Project Noah

Project Noah is a tool to explore and document wildlife and a platform to harness the power of citizen scientists everywhere.

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Project Noah iPhone and Android apps

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Grab a photograph of an interesting organism and share it with the community.

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Birds of the World

There are over 10,000 living species of birds on the planet. They can be found in ecosystems across ...

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National Geographic's Great Nature Project

National Geographic is urging everyone to get outside to explore nature. Participants are asked to ...

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Butterflies & Moths of the World

Butterflies and Moths are insects of the order Lepidoptera. Their brilliant colors have inspired ...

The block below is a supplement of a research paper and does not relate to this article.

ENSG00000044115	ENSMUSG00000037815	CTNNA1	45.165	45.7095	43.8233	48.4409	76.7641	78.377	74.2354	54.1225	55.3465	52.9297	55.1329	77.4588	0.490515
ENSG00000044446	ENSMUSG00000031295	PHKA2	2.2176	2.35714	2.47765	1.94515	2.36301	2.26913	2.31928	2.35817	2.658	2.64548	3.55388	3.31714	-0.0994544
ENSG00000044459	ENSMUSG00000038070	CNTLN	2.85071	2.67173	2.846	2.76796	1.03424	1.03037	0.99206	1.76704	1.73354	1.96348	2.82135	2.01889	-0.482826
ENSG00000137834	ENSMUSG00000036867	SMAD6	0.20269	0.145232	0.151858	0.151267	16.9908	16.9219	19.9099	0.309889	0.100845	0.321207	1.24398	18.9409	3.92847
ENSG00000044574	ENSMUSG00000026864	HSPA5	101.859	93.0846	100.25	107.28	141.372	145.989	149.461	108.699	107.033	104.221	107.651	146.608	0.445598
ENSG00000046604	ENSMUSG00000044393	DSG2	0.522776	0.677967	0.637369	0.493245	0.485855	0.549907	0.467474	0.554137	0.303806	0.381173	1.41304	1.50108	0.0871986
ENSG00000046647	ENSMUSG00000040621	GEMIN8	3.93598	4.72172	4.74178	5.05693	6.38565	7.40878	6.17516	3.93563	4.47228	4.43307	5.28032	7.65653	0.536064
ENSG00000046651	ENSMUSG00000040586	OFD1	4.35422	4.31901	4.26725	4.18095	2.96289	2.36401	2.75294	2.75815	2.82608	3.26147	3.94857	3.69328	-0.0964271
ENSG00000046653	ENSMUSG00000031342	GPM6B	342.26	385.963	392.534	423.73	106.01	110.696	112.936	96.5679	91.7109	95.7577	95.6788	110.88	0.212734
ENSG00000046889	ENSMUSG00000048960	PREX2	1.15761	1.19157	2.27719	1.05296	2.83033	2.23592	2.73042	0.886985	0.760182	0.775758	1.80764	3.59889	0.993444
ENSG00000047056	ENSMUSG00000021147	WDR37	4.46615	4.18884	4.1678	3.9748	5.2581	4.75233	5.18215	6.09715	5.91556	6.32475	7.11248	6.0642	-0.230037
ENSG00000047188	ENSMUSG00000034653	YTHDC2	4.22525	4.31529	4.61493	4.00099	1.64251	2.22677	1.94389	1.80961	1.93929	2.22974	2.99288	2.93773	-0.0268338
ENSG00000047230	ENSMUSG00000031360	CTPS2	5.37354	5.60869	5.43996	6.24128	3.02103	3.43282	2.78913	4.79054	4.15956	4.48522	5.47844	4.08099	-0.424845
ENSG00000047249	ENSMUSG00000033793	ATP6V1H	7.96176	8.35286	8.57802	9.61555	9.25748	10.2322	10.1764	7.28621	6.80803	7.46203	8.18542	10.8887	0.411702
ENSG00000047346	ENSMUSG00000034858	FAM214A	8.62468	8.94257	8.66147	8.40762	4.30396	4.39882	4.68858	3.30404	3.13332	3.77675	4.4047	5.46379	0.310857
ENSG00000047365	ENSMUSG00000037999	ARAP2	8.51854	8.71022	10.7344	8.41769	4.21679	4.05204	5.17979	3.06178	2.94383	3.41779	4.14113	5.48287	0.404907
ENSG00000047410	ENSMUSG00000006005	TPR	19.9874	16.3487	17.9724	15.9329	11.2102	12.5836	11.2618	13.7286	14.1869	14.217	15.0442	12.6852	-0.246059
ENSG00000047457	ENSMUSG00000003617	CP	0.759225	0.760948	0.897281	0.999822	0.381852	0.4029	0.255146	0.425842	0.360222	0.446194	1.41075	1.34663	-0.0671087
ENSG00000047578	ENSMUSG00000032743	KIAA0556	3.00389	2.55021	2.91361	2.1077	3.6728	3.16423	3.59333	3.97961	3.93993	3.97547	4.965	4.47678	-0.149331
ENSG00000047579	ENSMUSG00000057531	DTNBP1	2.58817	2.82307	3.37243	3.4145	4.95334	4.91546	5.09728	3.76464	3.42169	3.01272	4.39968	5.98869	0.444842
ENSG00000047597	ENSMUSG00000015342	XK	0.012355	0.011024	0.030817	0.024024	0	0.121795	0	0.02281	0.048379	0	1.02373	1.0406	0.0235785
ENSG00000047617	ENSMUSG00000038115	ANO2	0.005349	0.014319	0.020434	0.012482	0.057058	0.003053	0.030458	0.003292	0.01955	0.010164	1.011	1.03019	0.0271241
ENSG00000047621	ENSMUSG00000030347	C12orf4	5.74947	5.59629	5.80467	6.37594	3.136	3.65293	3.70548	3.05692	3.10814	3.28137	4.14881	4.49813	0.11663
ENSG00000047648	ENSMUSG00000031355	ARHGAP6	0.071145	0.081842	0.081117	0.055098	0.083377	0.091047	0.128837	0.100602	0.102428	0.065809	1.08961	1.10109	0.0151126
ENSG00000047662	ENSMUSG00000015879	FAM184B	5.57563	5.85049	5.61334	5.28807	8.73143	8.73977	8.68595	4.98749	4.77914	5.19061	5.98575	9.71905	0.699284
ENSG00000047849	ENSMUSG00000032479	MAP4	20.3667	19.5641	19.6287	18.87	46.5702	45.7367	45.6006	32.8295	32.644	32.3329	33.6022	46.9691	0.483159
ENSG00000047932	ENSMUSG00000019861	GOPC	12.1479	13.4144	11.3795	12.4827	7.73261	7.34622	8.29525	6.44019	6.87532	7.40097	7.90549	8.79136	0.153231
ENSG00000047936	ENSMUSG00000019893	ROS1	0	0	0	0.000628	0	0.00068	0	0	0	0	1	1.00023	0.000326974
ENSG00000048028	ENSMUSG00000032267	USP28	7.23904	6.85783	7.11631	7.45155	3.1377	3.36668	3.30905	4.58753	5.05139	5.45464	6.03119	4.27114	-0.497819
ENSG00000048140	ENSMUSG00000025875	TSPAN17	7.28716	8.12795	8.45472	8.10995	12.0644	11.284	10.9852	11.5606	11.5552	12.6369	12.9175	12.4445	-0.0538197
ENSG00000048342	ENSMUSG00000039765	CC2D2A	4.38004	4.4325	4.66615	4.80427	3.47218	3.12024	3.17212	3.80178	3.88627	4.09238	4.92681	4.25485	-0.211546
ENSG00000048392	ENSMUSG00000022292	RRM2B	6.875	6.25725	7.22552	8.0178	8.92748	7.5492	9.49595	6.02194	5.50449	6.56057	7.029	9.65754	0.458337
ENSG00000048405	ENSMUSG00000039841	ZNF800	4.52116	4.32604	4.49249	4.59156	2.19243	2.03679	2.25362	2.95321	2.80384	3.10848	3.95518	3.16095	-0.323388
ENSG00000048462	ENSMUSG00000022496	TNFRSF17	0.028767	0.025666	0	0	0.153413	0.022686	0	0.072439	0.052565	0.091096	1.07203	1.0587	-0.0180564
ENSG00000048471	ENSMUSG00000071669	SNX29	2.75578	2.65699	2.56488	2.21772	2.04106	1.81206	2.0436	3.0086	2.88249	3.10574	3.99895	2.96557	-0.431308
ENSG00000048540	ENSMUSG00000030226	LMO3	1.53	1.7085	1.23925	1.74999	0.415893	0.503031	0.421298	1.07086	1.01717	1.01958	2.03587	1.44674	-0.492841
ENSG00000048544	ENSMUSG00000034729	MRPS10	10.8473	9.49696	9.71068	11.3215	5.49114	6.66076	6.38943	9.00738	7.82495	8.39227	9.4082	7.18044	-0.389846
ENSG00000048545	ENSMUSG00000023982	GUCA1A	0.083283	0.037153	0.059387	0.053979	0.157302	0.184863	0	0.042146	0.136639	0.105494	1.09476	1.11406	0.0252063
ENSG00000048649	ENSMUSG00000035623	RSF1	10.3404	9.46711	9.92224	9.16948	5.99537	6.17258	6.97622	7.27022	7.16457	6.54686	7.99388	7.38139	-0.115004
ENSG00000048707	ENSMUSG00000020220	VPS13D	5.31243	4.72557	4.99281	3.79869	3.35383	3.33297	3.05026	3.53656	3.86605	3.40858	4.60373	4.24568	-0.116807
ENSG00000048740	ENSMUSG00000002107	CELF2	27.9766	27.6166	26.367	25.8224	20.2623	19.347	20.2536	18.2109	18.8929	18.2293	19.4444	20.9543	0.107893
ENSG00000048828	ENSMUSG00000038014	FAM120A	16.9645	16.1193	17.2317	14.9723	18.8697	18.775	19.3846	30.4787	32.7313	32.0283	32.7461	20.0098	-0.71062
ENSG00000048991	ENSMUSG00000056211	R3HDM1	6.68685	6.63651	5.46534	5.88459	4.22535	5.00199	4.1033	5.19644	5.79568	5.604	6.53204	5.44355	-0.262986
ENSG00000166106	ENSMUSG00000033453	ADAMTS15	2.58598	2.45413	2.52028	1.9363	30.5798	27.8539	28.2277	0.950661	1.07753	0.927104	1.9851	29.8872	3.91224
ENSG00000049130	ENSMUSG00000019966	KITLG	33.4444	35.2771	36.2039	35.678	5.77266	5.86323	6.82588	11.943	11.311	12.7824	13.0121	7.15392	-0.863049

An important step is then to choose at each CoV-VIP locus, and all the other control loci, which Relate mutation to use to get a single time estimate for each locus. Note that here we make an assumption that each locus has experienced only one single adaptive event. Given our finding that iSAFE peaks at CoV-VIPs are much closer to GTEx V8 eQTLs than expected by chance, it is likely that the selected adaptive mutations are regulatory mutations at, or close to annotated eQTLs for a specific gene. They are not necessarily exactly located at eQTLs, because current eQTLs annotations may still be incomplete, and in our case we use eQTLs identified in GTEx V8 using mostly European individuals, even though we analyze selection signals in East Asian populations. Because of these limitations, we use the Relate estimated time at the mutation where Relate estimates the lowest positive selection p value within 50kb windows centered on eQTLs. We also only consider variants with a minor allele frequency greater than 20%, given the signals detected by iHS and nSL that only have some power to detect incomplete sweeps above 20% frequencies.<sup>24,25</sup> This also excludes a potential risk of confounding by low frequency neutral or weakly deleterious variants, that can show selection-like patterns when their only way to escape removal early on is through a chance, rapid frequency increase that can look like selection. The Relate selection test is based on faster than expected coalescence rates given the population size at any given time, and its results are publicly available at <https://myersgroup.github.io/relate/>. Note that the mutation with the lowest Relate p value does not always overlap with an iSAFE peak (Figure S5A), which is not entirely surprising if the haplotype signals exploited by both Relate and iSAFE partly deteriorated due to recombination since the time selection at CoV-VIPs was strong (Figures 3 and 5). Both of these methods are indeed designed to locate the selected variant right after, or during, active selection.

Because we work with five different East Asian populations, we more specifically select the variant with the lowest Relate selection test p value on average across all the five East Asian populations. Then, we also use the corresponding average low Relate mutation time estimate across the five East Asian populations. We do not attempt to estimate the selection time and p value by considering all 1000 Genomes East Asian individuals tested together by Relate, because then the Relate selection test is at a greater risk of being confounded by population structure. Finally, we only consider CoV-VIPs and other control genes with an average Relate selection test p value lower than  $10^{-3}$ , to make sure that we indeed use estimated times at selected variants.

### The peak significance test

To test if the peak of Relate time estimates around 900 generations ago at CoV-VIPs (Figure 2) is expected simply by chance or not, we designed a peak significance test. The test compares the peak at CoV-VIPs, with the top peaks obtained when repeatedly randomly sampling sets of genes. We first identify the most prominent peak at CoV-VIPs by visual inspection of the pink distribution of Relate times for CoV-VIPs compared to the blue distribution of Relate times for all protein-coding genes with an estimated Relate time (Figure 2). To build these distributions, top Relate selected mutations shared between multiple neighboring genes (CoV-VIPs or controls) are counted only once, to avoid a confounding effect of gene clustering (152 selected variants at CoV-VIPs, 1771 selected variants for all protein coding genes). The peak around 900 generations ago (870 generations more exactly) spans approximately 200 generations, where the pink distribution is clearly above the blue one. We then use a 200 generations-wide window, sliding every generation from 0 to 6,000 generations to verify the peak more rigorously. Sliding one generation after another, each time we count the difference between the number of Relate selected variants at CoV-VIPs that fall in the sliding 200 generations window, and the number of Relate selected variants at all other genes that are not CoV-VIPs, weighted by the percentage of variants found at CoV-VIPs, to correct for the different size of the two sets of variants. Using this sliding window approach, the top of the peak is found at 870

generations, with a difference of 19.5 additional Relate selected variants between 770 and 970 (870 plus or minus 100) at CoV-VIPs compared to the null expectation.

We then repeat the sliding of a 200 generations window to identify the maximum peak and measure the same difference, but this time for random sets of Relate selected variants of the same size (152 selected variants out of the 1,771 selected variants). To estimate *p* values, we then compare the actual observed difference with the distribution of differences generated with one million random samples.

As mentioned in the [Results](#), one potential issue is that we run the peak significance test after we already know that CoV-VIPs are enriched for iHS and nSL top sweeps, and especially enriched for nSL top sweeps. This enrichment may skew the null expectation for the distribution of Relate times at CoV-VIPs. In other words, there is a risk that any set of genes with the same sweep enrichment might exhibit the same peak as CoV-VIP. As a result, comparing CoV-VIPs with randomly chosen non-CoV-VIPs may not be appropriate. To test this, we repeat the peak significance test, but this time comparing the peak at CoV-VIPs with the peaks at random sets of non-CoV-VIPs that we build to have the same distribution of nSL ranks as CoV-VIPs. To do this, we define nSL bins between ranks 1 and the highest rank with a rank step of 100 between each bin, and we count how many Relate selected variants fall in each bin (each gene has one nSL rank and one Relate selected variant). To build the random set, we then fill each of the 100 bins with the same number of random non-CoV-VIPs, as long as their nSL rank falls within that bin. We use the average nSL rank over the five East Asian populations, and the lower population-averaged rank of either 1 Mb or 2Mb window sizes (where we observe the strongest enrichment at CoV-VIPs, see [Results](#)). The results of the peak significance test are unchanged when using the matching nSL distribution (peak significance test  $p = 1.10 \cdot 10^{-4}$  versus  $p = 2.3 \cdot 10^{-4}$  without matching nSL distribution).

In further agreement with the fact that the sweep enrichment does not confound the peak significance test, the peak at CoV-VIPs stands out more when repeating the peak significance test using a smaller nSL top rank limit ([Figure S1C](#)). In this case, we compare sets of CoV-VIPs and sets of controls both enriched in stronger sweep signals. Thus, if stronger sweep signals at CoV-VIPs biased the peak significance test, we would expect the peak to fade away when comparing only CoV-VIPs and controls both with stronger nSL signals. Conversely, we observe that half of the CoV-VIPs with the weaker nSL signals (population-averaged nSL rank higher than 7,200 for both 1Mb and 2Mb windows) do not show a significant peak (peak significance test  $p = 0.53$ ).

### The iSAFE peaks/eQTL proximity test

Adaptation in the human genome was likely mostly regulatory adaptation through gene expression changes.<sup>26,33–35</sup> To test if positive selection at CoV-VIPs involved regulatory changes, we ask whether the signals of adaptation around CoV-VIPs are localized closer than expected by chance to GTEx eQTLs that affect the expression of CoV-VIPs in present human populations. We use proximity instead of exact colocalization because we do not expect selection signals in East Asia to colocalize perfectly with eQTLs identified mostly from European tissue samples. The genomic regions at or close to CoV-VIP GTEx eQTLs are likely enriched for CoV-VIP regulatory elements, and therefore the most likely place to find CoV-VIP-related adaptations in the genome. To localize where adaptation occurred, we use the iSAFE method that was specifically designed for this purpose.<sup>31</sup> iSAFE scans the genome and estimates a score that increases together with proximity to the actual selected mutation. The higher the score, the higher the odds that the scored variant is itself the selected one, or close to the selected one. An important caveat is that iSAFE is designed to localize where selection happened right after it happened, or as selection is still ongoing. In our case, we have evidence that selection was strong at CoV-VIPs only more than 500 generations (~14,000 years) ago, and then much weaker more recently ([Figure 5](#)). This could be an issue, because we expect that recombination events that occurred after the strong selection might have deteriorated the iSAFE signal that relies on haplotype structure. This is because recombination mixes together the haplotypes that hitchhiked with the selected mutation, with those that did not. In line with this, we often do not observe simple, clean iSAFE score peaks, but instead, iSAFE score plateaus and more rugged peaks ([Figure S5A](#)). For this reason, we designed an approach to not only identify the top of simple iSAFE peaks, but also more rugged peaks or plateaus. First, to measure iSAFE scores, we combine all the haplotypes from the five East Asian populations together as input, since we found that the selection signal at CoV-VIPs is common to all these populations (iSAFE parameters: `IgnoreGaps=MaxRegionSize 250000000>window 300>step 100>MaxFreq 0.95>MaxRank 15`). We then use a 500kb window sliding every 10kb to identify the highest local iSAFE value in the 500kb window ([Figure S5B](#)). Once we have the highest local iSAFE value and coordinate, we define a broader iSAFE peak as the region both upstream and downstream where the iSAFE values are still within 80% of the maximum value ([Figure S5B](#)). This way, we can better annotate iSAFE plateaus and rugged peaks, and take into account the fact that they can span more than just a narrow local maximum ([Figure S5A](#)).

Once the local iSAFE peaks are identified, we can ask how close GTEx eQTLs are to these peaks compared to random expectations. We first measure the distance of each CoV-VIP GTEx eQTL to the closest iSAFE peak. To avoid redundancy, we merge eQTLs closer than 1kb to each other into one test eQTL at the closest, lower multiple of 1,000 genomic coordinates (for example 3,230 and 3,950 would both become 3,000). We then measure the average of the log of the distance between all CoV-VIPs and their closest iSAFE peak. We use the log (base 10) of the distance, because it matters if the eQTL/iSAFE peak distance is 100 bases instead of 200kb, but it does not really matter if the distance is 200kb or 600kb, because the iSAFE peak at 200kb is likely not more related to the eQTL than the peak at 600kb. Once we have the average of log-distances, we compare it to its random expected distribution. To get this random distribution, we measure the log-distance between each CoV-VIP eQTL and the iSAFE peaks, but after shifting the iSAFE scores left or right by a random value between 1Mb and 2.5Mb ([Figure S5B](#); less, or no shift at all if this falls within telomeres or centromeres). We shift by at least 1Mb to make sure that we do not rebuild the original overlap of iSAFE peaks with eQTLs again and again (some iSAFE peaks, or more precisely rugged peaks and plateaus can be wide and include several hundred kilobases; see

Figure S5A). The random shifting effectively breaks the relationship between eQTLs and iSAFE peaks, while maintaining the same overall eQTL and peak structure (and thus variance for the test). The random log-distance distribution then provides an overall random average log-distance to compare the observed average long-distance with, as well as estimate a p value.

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WILD Cities: Urban Biodiversity

Millions of city-dwellers walk their local streets every day, but many overlook the multitude of ...

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Flowers of North America

We want you to help us build a photo collection of flowers from around the world. Show us what ...

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Moths of the World

Moths? Yes: a world of sphinxes, hawks, owls, tigers, and scary eyes, all waiting for you outside ...

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Mushroom Mapping

Mushroom ecology is a pivotal orientation point for exploring urban systems. Help us gather ...

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Mission WILD

The WILD Foundation works to protect & interconnect at least half of the planet’s land & water to ...